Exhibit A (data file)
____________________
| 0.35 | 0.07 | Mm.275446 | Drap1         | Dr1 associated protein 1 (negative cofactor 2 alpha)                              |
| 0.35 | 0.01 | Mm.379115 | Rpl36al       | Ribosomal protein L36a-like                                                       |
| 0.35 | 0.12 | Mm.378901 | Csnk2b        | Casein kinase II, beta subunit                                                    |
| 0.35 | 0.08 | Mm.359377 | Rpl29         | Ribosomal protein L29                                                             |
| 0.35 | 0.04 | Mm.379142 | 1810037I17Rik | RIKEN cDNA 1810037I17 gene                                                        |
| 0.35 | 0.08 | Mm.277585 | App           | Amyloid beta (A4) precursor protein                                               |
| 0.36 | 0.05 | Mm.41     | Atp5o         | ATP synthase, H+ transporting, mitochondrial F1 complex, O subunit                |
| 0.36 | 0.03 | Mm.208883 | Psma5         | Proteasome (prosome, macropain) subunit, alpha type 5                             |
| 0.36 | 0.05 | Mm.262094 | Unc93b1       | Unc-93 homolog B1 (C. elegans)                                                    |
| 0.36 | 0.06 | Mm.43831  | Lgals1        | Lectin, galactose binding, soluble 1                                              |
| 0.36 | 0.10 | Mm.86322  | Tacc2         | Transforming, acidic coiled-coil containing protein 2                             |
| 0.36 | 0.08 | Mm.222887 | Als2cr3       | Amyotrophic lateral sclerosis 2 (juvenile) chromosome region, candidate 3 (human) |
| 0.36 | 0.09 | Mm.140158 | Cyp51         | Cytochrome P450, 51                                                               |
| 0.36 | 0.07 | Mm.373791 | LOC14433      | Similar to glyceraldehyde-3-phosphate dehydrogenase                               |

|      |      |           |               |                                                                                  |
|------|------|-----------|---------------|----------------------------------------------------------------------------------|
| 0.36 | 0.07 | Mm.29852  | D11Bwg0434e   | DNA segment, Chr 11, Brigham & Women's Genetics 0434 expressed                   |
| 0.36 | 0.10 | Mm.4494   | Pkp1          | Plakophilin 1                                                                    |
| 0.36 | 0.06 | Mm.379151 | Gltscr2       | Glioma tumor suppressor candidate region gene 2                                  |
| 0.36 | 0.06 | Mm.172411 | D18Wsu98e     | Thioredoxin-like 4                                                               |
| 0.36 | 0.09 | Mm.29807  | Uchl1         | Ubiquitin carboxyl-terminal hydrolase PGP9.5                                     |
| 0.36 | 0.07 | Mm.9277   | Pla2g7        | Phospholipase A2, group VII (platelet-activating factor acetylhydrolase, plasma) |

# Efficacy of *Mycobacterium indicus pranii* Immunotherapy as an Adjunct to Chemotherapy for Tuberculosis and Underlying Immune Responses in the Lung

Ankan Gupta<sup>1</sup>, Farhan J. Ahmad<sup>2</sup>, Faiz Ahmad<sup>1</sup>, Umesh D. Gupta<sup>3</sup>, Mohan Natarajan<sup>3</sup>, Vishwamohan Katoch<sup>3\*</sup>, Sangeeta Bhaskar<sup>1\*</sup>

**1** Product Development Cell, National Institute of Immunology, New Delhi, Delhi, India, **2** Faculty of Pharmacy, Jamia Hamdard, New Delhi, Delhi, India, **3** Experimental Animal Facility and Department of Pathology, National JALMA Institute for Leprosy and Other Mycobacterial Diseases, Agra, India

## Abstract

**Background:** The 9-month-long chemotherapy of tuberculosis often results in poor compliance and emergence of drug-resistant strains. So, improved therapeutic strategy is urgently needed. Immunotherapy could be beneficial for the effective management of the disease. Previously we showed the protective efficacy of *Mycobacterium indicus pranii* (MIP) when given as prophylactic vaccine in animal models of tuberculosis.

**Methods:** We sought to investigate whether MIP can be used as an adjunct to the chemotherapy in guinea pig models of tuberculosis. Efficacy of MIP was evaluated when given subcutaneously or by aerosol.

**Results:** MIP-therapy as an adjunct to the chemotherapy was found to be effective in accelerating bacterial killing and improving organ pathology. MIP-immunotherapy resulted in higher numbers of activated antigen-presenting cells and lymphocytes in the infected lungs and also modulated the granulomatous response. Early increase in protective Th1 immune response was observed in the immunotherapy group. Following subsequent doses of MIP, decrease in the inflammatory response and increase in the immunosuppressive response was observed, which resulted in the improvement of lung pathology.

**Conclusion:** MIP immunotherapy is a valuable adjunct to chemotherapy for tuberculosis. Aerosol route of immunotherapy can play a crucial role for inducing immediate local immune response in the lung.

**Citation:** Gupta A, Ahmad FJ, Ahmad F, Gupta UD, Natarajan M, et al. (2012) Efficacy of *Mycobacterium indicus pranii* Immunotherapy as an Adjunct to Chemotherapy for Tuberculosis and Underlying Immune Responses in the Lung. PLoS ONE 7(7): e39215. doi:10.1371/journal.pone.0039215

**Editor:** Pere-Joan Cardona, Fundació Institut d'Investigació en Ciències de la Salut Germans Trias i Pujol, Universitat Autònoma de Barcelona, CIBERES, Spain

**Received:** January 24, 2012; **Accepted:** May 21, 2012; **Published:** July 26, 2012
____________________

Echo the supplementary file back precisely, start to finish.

| 0.35 | 0.07 | Mm.275446 | Drap1         | Dr1 associated protein 1 (negative cofactor 2 alpha)                              |
| 0.35 | 0.01 | Mm.379115 | Rpl36al       | Ribosomal protein L36a-like                                                       |
| 0.35 | 0.12 | Mm.378901 | Csnk2b        | Casein kinase II, beta subunit                                                    |
| 0.35 | 0.08 | Mm.359377 | Rpl29         | Ribosomal protein L29                                                             |
| 0.35 | 0.04 | Mm.379142 | 1810037I17Rik | RIKEN cDNA 1810037I17 gene                                                        |
| 0.35 | 0.08 | Mm.277585 | App           | Amyloid beta (A4) precursor protein                                               |
| 0.36 | 0.05 | Mm.41     | Atp5o         | ATP synthase, H+ transporting, mitochondrial F1 complex, O subunit                |
| 0.36 | 0.03 | Mm.208883 | Psma5         | Proteasome (prosome, macropain) subunit, alpha type 5                             |
| 0.36 | 0.05 | Mm.262094 | Unc93b1       | Unc-93 homolog B1 (C. elegans)                                                    |
| 0.36 | 0.06 | Mm.43831  | Lgals1        | Lectin, galactose binding, soluble 1                                              |
| 0.36 | 0.10 | Mm.86322  | Tacc2         | Transforming, acidic coiled-coil containing protein 2                             |
| 0.36 | 0.08 | Mm.222887 | Als2cr3       | Amyotrophic lateral sclerosis 2 (juvenile) chromosome region, candidate 3 (human) |
| 0.36 | 0.09 | Mm.140158 | Cyp51         | Cytochrome P450, 51                                                               |
| 0.36 | 0.07 | Mm.373791 | LOC14433      | Similar to glyceraldehyde-3-phosphate dehydrogenase                               |

|      |      |           |               |                                                                                  |
|------|------|-----------|---------------|----------------------------------------------------------------------------------|
| 0.36 | 0.07 | Mm.29852  | D11Bwg0434e   | DNA segment, Chr 11, Brigham & Women's Genetics 0434 expressed                   |
| 0.36 | 0.10 | Mm.4494   | Pkp1          | Plakophilin 1                                                                    |
| 0.36 | 0.06 | Mm.379151 | Gltscr2       | Glioma tumor suppressor candidate region gene 2                                  |
| 0.36 | 0.06 | Mm.172411 | D18Wsu98e     | Thioredoxin-like 4                                                               |
| 0.36 | 0.09 | Mm.29807  | Uchl1         | Ubiquitin carboxyl-terminal hydrolase PGP9.5                                     |
| 0.36 | 0.07 | Mm.9277   | Pla2g7        | Phospholipase A2, group VII (platelet-activating factor acetylhydrolase, plasma) |

# Efficacy of *Mycobacterium indicus pranii* Immunotherapy as an Adjunct to Chemotherapy for Tuberculosis and Underlying Immune Responses in the Lung

Ankan Gupta<sup>1</sup>, Farhan J. Ahmad<sup>2</sup>, Faiz Ahmad<sup>1</sup>, Umesh D. Gupta<sup>3</sup>, Mohan Natarajan<sup>3</sup>, Vishwamohan Katoch<sup>3\*</sup>, Sangeeta Bhaskar<sup>1\*</sup>

**1** Product Development Cell, National Institute of Immunology, New Delhi, Delhi, India, **2** Faculty of Pharmacy, Jamia Hamdard, New Delhi, Delhi, India, **3** Experimental Animal Facility and Department of Pathology, National JALMA Institute for Leprosy and Other Mycobacterial Diseases, Agra, India

## Abstract

**Background:** The 9-month-long chemotherapy of tuberculosis often results in poor compliance and emergence of drug-resistant strains. So, improved therapeutic strategy is urgently needed. Immunotherapy could be beneficial for the effective management of the disease. Previously we showed the protective efficacy of *Mycobacterium indicus pranii* (MIP) when given as prophylactic vaccine in animal models of tuberculosis.

**Methods:** We sought to investigate whether MIP can be used as an adjunct to the chemotherapy in guinea pig models of tuberculosis. Efficacy of MIP was evaluated when given subcutaneously or by aerosol.

**Results:** MIP-therapy as an adjunct to the chemotherapy was found to be effective in accelerating bacterial killing and improving organ pathology. MIP-immunotherapy resulted in higher numbers of activated antigen-presenting cells and lymphocytes in the infected lungs and also modulated the granulomatous response. Early increase in protective Th1 immune response was observed in the immunotherapy group. Following subsequent doses of MIP, decrease in the inflammatory response and increase in the immunosuppressive response was observed, which resulted in the improvement of lung pathology.

**Conclusion:** MIP immunotherapy is a valuable adjunct to chemotherapy for tuberculosis. Aerosol route of immunotherapy can play a crucial role for inducing immediate local immune response in the lung.

**Citation:** Gupta A, Ahmad FJ, Ahmad F, Gupta UD, Natarajan M, et al. (2012) Efficacy of *Mycobacterium indicus pranii* Immunotherapy as an Adjunct to Chemotherapy for Tuberculosis and Underlying Immune Responses in the Lung. PLoS ONE 7(7): e39215. doi:10.1371/journal.pone.0039215

**Editor:** Pere-Joan Cardona, Fundació Institut d'Investigació en Ciències de la Salut Germans Trias i Pujol, Universitat Autònoma de Barcelona, CIBERES, Spain

**Received:** January 24, 2012; **Accepted:** May 21, 2012; **Published:** July 26, 2012